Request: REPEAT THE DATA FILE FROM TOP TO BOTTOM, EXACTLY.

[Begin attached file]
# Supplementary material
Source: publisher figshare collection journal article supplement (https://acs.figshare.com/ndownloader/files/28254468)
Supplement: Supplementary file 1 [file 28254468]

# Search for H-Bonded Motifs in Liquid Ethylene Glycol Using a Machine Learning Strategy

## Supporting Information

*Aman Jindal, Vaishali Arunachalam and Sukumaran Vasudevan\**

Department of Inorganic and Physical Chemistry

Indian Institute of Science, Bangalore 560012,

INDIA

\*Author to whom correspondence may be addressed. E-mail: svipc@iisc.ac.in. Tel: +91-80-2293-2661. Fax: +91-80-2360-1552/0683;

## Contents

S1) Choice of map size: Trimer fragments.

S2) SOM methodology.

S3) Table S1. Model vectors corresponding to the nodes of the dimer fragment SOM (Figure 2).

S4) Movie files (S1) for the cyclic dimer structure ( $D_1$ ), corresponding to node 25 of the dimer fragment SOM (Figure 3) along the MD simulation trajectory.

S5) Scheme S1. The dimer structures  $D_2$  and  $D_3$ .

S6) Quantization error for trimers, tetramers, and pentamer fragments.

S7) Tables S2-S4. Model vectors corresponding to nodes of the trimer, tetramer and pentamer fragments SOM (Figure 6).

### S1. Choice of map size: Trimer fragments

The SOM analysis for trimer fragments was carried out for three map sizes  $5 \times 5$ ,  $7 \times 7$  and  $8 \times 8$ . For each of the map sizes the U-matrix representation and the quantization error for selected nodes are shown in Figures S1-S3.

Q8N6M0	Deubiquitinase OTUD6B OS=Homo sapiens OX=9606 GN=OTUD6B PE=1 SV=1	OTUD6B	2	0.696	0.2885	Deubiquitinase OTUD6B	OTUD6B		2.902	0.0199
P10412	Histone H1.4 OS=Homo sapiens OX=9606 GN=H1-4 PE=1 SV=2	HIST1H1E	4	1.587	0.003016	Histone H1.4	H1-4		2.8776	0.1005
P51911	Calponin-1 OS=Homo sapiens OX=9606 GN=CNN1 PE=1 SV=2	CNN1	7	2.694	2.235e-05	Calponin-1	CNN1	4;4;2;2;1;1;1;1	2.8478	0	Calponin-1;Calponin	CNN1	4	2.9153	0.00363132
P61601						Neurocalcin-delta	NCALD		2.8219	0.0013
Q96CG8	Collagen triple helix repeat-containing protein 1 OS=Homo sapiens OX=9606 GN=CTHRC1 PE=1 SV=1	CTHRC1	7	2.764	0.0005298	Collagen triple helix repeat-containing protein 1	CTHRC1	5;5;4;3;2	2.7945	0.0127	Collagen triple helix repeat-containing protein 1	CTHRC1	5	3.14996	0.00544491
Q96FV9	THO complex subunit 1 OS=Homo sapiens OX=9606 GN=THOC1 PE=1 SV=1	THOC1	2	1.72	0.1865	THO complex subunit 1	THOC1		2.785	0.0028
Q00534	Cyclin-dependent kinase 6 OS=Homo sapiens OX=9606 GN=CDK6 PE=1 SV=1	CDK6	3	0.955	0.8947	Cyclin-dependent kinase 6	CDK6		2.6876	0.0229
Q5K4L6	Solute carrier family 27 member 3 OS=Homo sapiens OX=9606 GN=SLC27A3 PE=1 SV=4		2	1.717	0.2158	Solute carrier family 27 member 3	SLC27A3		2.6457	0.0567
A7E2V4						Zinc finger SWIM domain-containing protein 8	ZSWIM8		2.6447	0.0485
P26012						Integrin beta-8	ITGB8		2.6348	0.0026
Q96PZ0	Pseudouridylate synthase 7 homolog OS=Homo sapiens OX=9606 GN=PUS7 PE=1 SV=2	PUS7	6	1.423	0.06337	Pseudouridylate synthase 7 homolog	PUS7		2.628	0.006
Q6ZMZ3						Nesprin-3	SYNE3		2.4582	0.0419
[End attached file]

# Supplementary material
Source: publisher figshare collection journal article supplement (https://acs.figshare.com/ndownloader/files/28254468)
Supplement: Supplementary file 1 [file 28254468]

# Search for H-Bonded Motifs in Liquid Ethylene Glycol Using a Machine Learning Strategy

## Supporting Information

*Aman Jindal, Vaishali Arunachalam and Sukumaran Vasudevan\**

Department of Inorganic and Physical Chemistry

Indian Institute of Science, Bangalore 560012,

INDIA

\*Author to whom correspondence may be addressed. E-mail: svipc@iisc.ac.in. Tel: +91-80-2293-2661. Fax: +91-80-2360-1552/0683;

## Contents

S1) Choice of map size: Trimer fragments.

S2) SOM methodology.

S3) Table S1. Model vectors corresponding to the nodes of the dimer fragment SOM (Figure 2).

S4) Movie files (S1) for the cyclic dimer structure ( $D_1$ ), corresponding to node 25 of the dimer fragment SOM (Figure 3) along the MD simulation trajectory.

S5) Scheme S1. The dimer structures  $D_2$  and  $D_3$ .

S6) Quantization error for trimers, tetramers, and pentamer fragments.

S7) Tables S2-S4. Model vectors corresponding to nodes of the trimer, tetramer and pentamer fragments SOM (Figure 6).

### S1. Choice of map size: Trimer fragments

The SOM analysis for trimer fragments was carried out for three map sizes  $5 \times 5$ ,  $7 \times 7$  and  $8 \times 8$ . For each of the map sizes the U-matrix representation and the quantization error for selected nodes are shown in Figures S1-S3.

Q8N6M0	Deubiquitinase OTUD6B OS=Homo sapiens OX=9606 GN=OTUD6B PE=1 SV=1	OTUD6B	2	0.696	0.2885	Deubiquitinase OTUD6B	OTUD6B		2.902	0.0199
P10412	Histone H1.4 OS=Homo sapiens OX=9606 GN=H1-4 PE=1 SV=2	HIST1H1E	4	1.587	0.003016	Histone H1.4	H1-4		2.8776	0.1005
P51911	Calponin-1 OS=Homo sapiens OX=9606 GN=CNN1 PE=1 SV=2	CNN1	7	2.694	2.235e-05	Calponin-1	CNN1	4;4;2;2;1;1;1;1	2.8478	0	Calponin-1;Calponin	CNN1	4	2.9153	0.00363132
P61601						Neurocalcin-delta	NCALD		2.8219	0.0013
Q96CG8	Collagen triple helix repeat-containing protein 1 OS=Homo sapiens OX=9606 GN=CTHRC1 PE=1 SV=1	CTHRC1	7	2.764	0.0005298	Collagen triple helix repeat-containing protein 1	CTHRC1	5;5;4;3;2	2.7945	0.0127	Collagen triple helix repeat-containing protein 1	CTHRC1	5	3.14996	0.00544491
Q96FV9	THO complex subunit 1 OS=Homo sapiens OX=9606 GN=THOC1 PE=1 SV=1	THOC1	2	1.72	0.1865	THO complex subunit 1	THOC1		2.785	0.0028
Q00534	Cyclin-dependent kinase 6 OS=Homo sapiens OX=9606 GN=CDK6 PE=1 SV=1	CDK6	3	0.955	0.8947	Cyclin-dependent kinase 6	CDK6		2.6876	0.0229
Q5K4L6	Solute carrier family 27 member 3 OS=Homo sapiens OX=9606 GN=SLC27A3 PE=1 SV=4		2	1.717	0.2158	Solute carrier family 27 member 3	SLC27A3		2.6457	0.0567
A7E2V4						Zinc finger SWIM domain-containing protein 8	ZSWIM8		2.6447	0.0485
P26012						Integrin beta-8	ITGB8		2.6348	0.0026
Q96PZ0	Pseudouridylate synthase 7 homolog OS=Homo sapiens OX=9606 GN=PUS7 PE=1 SV=2	PUS7	6	1.423	0.06337	Pseudouridylate synthase 7 homolog	PUS7		2.628	0.006
Q6ZMZ3						Nesprin-3	SYNE3		2.4582	0.0419